A Welcome By Dor
Who identifies with this statement: “I told my teenager to eat healthy food and he did it.”
Nobody, right? It’s hard enough when they’re little. It’s tough duty serving up tastes of the same unwanted food that requires the requisite 10 or 15 times before a small child accepts a new food. (Unless, of course, your tech-savvy neophobic 3-year old is surfing the net for evidence-based articles on feeding picky eaters.)
At Suppers, we learn that there is strength in numbers. What one mom can’t do alone, we can accomplish if we make it a team sport. We wouldn’t need to connive, collaborate, and form support groups if we weren’t immersed in a food supply that’s as addictive as street drugs. But we are.
Here’s what one Suppers mom did to fight the good fight: she went Varsity.
Lena & Todd’s Story – Varsity Player
My son plays varsity football at the local high school. He is a husky lad, and it takes a lot of food to fill him up and keep him fueled for all the activity he demands of his body.
I’ve always had kids in sports. Over the years many of us parents have expressed concern about what the boys are eating, and in the past year or two there has been an increased sense of urgency. Changes we tried individually at home to improve the quality of the food were not embraced, to say the least.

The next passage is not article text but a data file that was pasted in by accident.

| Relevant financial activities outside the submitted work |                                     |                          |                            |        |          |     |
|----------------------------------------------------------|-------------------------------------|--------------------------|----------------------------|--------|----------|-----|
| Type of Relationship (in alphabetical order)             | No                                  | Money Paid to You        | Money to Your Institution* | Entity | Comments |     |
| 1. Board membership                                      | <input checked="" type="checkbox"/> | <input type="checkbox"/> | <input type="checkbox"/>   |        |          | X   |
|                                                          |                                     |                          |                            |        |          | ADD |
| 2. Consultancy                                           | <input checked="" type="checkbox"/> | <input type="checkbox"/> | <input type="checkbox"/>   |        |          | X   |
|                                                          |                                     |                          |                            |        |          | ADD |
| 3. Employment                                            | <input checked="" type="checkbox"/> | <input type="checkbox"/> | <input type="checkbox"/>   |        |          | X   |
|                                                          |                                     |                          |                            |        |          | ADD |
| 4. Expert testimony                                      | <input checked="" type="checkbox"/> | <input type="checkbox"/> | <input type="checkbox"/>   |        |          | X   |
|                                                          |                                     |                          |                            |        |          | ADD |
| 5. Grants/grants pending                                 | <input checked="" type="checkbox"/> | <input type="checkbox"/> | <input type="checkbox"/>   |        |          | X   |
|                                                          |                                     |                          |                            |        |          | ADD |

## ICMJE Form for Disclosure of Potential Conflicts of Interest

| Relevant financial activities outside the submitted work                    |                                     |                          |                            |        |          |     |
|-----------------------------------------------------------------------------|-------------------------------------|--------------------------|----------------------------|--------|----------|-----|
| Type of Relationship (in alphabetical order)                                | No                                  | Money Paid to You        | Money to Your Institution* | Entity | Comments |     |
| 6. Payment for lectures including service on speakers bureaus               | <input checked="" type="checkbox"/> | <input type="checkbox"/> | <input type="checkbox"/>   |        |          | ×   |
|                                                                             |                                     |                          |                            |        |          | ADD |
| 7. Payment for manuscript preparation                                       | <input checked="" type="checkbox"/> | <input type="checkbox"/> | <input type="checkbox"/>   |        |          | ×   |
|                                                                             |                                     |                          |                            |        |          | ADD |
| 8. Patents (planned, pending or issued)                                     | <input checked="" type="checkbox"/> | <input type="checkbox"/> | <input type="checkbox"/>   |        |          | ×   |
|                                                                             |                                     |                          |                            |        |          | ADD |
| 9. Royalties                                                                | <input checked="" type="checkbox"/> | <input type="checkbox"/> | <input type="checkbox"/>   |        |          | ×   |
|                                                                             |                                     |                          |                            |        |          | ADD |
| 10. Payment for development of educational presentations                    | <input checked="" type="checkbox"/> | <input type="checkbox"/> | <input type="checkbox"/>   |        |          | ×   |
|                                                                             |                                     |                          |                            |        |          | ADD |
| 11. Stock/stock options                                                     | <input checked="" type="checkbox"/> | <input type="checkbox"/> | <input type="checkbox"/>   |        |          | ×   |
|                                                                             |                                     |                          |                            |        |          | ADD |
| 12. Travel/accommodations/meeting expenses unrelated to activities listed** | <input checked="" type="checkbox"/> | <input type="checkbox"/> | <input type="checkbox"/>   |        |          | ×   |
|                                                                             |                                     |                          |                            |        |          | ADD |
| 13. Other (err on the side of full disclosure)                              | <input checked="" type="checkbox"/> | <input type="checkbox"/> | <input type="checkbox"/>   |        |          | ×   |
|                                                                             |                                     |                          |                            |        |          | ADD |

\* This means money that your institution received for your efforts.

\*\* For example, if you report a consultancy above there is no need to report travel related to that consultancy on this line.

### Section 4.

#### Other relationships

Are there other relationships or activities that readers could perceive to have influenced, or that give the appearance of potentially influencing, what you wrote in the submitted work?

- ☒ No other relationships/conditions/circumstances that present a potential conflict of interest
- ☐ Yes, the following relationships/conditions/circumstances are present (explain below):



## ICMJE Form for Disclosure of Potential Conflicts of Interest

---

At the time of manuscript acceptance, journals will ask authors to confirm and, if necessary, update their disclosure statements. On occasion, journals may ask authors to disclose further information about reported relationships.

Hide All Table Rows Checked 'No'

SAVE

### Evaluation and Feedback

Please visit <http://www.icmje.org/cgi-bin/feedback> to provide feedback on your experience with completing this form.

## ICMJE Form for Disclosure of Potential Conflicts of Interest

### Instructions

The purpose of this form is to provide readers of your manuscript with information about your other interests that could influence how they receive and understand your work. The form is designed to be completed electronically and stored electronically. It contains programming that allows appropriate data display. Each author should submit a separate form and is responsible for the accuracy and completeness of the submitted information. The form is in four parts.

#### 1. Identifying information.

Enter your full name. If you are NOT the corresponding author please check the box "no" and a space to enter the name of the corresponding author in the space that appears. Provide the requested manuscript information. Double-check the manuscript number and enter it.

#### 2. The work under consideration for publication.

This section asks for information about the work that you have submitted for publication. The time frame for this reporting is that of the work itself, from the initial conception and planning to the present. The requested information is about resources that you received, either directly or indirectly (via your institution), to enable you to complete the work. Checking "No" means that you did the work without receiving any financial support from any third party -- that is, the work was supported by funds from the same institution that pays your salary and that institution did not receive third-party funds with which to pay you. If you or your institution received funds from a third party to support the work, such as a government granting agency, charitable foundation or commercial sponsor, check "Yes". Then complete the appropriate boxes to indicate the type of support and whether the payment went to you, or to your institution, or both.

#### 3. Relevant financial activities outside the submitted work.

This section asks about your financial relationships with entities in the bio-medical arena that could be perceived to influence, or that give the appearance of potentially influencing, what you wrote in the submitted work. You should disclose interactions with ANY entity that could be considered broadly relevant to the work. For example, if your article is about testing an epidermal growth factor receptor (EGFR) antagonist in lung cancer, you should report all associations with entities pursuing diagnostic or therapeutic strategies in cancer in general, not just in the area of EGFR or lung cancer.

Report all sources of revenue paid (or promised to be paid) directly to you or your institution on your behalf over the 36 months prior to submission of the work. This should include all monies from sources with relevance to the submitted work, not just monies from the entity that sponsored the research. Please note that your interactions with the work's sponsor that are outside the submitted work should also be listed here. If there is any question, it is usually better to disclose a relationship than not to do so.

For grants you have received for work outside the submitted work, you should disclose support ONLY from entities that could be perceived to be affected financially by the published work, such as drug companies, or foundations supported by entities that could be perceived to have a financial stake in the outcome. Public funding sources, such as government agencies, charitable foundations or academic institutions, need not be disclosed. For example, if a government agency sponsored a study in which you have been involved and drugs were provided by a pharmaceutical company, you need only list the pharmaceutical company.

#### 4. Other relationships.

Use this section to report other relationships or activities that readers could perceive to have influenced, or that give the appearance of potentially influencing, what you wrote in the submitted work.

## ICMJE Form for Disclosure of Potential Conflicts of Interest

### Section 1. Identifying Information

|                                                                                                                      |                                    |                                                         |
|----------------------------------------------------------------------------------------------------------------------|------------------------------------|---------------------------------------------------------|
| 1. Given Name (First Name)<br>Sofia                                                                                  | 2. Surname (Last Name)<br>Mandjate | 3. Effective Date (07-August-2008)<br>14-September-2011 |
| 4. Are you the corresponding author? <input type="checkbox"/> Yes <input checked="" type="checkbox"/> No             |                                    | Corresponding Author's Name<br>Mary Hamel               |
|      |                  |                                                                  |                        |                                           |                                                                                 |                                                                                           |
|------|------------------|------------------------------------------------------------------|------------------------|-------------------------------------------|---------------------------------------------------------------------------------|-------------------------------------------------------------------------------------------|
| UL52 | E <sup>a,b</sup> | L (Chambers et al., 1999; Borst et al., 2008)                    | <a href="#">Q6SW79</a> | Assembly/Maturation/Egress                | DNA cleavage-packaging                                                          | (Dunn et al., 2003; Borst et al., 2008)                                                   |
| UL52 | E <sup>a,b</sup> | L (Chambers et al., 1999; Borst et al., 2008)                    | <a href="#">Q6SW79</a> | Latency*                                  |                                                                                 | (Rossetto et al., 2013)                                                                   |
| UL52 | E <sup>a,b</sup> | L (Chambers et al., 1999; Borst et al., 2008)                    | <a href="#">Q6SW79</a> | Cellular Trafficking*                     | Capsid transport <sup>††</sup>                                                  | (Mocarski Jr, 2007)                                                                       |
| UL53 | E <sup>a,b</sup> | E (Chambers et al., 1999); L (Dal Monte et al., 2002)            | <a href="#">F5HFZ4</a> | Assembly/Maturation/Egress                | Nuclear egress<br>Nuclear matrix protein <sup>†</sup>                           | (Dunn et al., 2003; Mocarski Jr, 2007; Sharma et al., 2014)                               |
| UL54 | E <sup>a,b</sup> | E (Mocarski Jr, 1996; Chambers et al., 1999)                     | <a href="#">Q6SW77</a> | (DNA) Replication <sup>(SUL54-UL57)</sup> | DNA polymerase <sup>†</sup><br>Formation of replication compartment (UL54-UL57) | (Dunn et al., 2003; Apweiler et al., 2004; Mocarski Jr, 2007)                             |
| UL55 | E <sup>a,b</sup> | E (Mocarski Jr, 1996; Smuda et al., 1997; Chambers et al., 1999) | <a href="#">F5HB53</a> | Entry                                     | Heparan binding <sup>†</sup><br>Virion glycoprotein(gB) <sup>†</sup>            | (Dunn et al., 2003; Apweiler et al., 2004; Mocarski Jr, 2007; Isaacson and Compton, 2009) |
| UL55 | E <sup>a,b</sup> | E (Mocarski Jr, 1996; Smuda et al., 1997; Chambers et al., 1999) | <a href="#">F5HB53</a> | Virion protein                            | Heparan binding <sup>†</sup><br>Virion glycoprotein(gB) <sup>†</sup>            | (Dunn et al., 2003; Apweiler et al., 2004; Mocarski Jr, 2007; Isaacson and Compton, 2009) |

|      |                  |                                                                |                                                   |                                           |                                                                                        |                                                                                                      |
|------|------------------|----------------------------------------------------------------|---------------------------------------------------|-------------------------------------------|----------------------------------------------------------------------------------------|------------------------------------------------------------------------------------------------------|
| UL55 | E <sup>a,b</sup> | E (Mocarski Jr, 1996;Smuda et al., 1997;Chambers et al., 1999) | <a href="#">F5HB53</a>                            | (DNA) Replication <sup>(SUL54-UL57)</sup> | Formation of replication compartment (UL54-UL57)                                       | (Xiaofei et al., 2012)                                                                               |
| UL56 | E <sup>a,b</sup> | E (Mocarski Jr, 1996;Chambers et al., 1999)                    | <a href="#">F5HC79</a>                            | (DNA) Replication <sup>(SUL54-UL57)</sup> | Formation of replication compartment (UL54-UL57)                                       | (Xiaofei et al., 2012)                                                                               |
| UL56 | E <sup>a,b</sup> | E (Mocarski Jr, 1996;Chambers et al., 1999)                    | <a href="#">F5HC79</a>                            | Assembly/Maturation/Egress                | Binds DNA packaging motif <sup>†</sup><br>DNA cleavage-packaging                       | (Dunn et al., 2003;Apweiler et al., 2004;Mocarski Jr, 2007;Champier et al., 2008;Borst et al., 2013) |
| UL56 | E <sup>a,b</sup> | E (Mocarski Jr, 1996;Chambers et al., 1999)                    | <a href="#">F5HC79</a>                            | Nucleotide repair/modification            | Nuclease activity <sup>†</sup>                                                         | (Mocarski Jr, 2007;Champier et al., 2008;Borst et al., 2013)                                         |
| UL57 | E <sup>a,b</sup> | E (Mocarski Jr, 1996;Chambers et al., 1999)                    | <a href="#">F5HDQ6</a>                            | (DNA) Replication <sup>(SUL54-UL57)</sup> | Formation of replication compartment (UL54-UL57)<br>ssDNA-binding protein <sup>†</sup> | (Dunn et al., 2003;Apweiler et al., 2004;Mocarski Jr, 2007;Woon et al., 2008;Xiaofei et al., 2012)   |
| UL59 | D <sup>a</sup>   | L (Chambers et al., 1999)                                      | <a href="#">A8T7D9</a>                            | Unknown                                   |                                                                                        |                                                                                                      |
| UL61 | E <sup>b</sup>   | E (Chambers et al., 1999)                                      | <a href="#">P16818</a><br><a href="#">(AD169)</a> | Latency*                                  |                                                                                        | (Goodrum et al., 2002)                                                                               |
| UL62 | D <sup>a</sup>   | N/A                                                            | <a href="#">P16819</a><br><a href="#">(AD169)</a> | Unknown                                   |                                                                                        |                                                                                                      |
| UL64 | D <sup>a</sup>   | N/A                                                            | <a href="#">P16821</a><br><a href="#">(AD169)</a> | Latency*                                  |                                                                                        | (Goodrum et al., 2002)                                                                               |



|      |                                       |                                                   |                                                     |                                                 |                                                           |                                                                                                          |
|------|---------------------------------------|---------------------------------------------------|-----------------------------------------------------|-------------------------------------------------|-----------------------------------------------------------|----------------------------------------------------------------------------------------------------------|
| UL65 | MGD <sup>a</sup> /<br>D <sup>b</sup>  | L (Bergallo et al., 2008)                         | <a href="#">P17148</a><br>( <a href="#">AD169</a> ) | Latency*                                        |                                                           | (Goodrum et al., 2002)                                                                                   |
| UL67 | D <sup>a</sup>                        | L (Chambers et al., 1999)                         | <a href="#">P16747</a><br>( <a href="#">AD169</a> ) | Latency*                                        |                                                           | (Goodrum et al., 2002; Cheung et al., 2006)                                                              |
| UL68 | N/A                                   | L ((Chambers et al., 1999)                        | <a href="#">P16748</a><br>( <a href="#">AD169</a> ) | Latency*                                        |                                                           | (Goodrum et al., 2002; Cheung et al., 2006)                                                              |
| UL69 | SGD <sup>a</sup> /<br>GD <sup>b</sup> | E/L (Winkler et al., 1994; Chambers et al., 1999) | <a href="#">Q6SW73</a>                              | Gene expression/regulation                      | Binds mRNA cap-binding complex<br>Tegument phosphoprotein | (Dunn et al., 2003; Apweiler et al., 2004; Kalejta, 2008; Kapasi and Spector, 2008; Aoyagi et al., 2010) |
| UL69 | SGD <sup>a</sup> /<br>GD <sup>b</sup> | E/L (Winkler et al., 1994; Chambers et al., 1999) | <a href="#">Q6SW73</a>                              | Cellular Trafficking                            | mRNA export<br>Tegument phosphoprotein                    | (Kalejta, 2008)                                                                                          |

So this year we decided to feed the boys as a team before games. I shared information from the Suppers program about how to increase energy and stabilize mood with good nutrition. The other parents were very receptive, and we created a menu for pregame breakfast or dinners that included fruit, whole grains, yogurt, eggs, and lean meats. Together we prepared and served the meals for the players, coaches, cheerleaders, and band members.
What none of us could accomplish individually, we managed to do as a group.
Those hungry kids accepted nourishing meals. If they missed the white flour and sugary foods, they didn’t complain. As the season progressed, the kids realized they had more stamina and energy in the fourth quarter of the game.
There is no doubt in my mind that starting the day with a good breakfast made a difference. I feel very positive about organizing the parents and, as a group, coming up with a formula that worked:
- Make sure there is only healthy food around when they’re hungry.
- Make it delicious
- Couch the discussion in terms of stamina on the field.
The parents won’t need to do any persuading once the kids feel the difference in the fourth quarter.
Stew: It’s What’s For Dinner, said Lena, By Allie